Claudia's Law - managing a missing person's financial affairs
Despite an intense and ongoing police operation, Claudia Lawrence has not been seen since she went missing in 2009. In addition to the heartache Claudia's disappearance has caused her family, they discovered that there is no legal mechanism in place for them to deal with her financial affairs while she remains a missing person. They have been campaigning ever since for this gap to be closed.
We often recommend clients prepare a Lasting Power of Attorney to ensure a person of their choosing is appointed to deal with their affairs if they become physically or mentally unable to do so. But what Claudia's family quickly realised when trying to navigate her affairs in her absence, is that when a person is missing, there is no equivalent mechanism to allow the family to step in and manage their loved one's affairs. As banks and other financial institutions are under strict legal obligations not to discuss their customer's affairs with anyone else, until the person is found, their affairs – including rent, mortgage, bills and insurance - are left in limbo.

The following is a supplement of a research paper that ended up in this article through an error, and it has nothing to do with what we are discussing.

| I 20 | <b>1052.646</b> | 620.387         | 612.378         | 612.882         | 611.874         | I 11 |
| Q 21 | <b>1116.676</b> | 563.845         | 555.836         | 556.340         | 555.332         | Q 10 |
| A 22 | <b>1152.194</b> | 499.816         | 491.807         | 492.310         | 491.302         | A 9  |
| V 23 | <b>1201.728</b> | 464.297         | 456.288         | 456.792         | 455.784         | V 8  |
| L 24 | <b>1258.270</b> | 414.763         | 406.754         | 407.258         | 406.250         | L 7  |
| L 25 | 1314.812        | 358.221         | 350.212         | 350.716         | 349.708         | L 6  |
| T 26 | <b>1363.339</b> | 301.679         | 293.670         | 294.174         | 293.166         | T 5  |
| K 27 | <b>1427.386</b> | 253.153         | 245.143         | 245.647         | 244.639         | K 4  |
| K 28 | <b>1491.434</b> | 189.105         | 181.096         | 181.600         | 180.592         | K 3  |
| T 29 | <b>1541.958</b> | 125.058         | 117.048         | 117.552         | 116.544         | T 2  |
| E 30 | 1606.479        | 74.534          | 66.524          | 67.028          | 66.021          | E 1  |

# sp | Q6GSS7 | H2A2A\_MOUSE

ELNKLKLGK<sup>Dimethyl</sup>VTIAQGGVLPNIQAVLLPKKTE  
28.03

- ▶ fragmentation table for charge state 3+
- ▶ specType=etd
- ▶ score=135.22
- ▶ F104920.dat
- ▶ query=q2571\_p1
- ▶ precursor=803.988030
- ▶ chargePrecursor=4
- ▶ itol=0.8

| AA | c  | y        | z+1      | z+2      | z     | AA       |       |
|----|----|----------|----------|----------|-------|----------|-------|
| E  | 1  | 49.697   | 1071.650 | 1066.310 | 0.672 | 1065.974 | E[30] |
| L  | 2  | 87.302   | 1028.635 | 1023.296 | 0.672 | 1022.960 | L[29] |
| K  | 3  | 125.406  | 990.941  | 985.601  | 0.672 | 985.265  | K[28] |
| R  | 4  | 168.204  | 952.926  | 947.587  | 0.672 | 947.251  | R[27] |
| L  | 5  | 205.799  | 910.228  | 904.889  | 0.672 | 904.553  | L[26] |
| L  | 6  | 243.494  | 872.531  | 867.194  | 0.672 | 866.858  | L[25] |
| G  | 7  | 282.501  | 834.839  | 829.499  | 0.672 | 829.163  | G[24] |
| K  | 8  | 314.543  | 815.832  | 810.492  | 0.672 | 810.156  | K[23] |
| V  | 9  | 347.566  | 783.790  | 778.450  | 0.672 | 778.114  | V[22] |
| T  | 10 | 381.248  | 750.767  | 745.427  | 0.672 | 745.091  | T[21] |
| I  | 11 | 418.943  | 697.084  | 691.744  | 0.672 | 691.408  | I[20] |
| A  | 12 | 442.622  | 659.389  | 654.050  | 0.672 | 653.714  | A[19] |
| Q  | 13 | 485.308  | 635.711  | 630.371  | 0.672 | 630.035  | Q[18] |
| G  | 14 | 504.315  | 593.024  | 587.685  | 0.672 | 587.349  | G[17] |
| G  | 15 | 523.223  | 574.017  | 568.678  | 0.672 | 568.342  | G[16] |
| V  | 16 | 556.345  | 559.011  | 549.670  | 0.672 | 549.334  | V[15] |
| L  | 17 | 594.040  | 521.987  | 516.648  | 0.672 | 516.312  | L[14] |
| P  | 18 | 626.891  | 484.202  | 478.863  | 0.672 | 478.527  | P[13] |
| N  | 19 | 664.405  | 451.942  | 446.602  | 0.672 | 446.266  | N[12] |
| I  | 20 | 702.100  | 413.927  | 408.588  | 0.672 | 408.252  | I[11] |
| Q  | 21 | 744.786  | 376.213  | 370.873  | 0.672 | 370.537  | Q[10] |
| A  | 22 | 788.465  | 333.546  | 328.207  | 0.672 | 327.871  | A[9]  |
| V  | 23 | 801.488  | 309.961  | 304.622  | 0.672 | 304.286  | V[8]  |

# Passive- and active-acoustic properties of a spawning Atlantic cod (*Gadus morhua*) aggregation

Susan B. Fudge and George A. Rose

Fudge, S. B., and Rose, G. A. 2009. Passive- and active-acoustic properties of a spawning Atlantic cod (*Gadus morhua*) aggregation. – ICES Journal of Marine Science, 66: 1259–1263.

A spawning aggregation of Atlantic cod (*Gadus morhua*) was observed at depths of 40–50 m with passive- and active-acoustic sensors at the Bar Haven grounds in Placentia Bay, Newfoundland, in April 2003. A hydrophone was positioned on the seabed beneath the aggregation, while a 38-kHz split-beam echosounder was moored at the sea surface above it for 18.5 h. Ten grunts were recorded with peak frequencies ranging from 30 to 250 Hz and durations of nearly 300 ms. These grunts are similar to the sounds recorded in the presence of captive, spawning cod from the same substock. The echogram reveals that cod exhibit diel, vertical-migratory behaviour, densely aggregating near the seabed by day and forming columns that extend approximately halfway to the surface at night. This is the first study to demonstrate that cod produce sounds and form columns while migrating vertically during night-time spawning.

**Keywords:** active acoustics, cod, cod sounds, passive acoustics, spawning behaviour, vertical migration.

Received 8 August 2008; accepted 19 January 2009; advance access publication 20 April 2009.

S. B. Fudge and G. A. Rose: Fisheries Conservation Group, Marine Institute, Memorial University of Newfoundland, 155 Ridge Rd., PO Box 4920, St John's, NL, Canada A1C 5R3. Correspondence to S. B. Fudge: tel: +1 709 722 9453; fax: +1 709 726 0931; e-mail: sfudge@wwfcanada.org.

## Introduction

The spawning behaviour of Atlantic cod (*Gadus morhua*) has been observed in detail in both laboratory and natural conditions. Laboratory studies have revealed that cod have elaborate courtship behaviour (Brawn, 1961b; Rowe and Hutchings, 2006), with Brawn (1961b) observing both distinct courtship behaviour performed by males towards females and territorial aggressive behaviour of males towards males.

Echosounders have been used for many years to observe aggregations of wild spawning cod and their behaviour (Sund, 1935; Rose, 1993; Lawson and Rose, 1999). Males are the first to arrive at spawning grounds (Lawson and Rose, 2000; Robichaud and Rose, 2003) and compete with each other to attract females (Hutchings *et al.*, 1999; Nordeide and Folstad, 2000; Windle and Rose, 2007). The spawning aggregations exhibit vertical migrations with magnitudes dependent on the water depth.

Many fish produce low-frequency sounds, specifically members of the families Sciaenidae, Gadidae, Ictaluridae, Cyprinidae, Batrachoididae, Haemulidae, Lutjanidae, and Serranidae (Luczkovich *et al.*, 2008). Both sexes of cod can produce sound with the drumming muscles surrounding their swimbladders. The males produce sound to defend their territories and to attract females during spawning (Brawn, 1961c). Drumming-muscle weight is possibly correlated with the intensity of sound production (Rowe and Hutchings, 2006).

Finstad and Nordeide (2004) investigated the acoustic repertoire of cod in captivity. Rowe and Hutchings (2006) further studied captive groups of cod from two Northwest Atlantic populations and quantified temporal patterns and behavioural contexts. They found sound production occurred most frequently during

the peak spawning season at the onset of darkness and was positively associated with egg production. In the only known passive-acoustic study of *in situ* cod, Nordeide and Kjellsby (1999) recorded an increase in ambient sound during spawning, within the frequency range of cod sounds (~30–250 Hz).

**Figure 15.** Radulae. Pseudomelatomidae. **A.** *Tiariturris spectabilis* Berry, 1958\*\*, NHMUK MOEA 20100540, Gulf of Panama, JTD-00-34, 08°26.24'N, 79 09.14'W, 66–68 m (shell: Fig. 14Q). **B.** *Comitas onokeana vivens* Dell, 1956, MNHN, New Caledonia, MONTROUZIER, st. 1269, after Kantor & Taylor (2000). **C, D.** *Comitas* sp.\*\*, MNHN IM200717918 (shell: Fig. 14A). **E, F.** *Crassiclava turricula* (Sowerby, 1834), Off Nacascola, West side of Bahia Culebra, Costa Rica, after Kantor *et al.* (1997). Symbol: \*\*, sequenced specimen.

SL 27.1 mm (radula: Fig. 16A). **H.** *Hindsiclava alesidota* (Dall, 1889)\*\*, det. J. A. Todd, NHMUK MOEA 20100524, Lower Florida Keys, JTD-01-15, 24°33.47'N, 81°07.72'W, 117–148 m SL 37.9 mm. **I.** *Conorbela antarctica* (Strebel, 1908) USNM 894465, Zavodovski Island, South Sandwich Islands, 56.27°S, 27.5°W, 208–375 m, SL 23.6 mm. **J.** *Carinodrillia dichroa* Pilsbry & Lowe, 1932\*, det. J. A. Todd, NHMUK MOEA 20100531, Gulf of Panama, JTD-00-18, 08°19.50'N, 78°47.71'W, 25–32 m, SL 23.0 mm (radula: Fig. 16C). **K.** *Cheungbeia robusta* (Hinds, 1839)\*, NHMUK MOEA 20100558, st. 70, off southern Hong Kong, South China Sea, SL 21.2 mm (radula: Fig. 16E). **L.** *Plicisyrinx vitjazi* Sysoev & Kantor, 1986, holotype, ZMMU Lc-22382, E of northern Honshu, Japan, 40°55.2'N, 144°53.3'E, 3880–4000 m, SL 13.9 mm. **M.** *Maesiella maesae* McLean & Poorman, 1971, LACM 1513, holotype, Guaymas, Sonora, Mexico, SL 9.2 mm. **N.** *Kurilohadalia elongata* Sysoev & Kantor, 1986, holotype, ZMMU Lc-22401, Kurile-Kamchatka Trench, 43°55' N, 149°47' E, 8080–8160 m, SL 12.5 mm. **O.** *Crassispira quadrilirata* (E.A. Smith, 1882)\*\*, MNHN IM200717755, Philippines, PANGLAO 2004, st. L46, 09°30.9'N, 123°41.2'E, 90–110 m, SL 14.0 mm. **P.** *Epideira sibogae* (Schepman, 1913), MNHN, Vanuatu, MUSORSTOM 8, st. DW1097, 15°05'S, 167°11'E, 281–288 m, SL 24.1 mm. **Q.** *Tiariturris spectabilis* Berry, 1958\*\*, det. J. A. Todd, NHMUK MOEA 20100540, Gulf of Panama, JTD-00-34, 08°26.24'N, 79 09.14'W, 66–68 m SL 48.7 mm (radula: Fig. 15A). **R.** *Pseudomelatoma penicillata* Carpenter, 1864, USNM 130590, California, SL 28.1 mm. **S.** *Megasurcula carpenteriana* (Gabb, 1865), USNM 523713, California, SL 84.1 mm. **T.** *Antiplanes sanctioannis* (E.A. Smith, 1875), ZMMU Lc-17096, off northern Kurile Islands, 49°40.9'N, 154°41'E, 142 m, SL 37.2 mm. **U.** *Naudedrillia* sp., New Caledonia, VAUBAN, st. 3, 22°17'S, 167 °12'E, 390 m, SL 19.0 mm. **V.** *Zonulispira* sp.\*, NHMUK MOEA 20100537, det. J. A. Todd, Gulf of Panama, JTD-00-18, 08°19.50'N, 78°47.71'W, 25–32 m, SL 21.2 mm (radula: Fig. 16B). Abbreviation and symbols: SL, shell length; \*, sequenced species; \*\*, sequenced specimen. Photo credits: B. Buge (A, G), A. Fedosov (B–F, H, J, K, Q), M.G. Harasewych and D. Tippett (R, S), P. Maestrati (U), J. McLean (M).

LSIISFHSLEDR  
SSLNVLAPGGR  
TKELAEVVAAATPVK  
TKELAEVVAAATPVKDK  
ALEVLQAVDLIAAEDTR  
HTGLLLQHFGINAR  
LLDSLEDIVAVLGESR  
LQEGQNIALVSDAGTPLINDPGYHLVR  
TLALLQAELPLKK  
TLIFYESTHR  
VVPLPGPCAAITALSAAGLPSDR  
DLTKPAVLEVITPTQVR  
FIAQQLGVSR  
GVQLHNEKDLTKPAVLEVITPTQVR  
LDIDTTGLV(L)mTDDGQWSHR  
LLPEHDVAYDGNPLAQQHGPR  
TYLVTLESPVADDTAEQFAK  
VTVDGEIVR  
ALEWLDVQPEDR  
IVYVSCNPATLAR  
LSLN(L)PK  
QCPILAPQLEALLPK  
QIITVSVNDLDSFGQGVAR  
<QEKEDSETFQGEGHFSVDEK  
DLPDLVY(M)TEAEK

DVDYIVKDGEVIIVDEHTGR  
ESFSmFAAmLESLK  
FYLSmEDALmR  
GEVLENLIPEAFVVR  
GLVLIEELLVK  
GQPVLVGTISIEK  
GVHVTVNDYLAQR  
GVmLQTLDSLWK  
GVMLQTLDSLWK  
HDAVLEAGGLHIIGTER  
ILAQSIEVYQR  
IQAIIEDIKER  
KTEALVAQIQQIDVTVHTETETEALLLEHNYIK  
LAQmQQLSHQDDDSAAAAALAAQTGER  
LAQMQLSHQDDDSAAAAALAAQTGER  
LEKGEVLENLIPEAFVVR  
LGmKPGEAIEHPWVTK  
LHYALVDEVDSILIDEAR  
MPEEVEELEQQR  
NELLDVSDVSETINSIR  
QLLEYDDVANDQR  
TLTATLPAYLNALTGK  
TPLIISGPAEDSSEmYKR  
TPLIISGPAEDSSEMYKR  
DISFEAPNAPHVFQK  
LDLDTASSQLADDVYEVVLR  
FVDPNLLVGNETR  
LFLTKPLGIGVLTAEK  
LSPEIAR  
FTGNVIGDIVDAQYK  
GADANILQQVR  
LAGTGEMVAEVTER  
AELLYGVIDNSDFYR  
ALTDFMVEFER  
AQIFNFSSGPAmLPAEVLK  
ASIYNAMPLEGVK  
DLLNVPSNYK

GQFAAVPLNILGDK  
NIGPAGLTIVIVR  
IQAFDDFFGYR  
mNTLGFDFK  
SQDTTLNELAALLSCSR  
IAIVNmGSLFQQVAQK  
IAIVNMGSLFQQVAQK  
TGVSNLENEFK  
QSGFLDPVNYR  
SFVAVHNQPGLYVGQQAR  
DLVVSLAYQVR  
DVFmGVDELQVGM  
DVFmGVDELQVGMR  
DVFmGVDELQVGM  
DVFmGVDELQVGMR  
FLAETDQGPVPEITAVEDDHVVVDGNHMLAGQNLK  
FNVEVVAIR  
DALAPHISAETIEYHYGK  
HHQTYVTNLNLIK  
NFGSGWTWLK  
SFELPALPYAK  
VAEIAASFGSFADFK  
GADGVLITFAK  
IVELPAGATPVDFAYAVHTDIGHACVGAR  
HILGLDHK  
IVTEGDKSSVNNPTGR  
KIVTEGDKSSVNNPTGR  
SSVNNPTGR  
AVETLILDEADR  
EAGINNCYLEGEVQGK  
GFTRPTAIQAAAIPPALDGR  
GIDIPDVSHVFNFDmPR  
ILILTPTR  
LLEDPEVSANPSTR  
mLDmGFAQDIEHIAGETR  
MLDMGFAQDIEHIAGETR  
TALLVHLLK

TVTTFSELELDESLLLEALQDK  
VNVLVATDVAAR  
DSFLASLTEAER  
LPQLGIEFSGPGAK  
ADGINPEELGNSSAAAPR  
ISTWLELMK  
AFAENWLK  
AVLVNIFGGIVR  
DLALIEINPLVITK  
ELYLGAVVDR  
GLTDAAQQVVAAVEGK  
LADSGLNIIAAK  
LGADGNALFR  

The solution put forward by the Lawrence family, and backed by the charity Missing People, is to introduce a law that would enable a missing person's next of kin to apply to court for a guardianship order to manage their financial affairs. This idea became the Guardianship (Missing Persons) Bill (popularly known as "Claudia's Law") which successfully passed second reading in the House of Commons on Friday 3rd February. It will now pass to Committee stage for scrutiny. If passed without amendments, it would allow a guardianship application to be made once an adult has been missing for 90 days. The appointed guardian would then be able to act on behalf of the missing person for up to four years, it could be renewed by a court application, and they would be held to account by the Office of the Public Guardian.
The proposed law would undoubtedly ease the strain on the families of missing persons at an already-difficult time, and would therefore seem a welcome addition to the statute books. I will follow its progress through Parliament with interest.
By preparing a Lasting Power of Attorney, you can think carefully about who you would like to appoint to manage your affairs, such as family members, trusted friends, or sometimes professionals. Blake Morgan also sees the problems that can be caused when a power of attorney is not in place. It requires a deputyship application to the Court of Protection, which can be costly and leaves the person's affairs on hold until the deputy is appointed.
For further information about managing a loved one's affairs or for advice on making Lasting Powers of Attorney, please contact a member of the Succession and Tax team.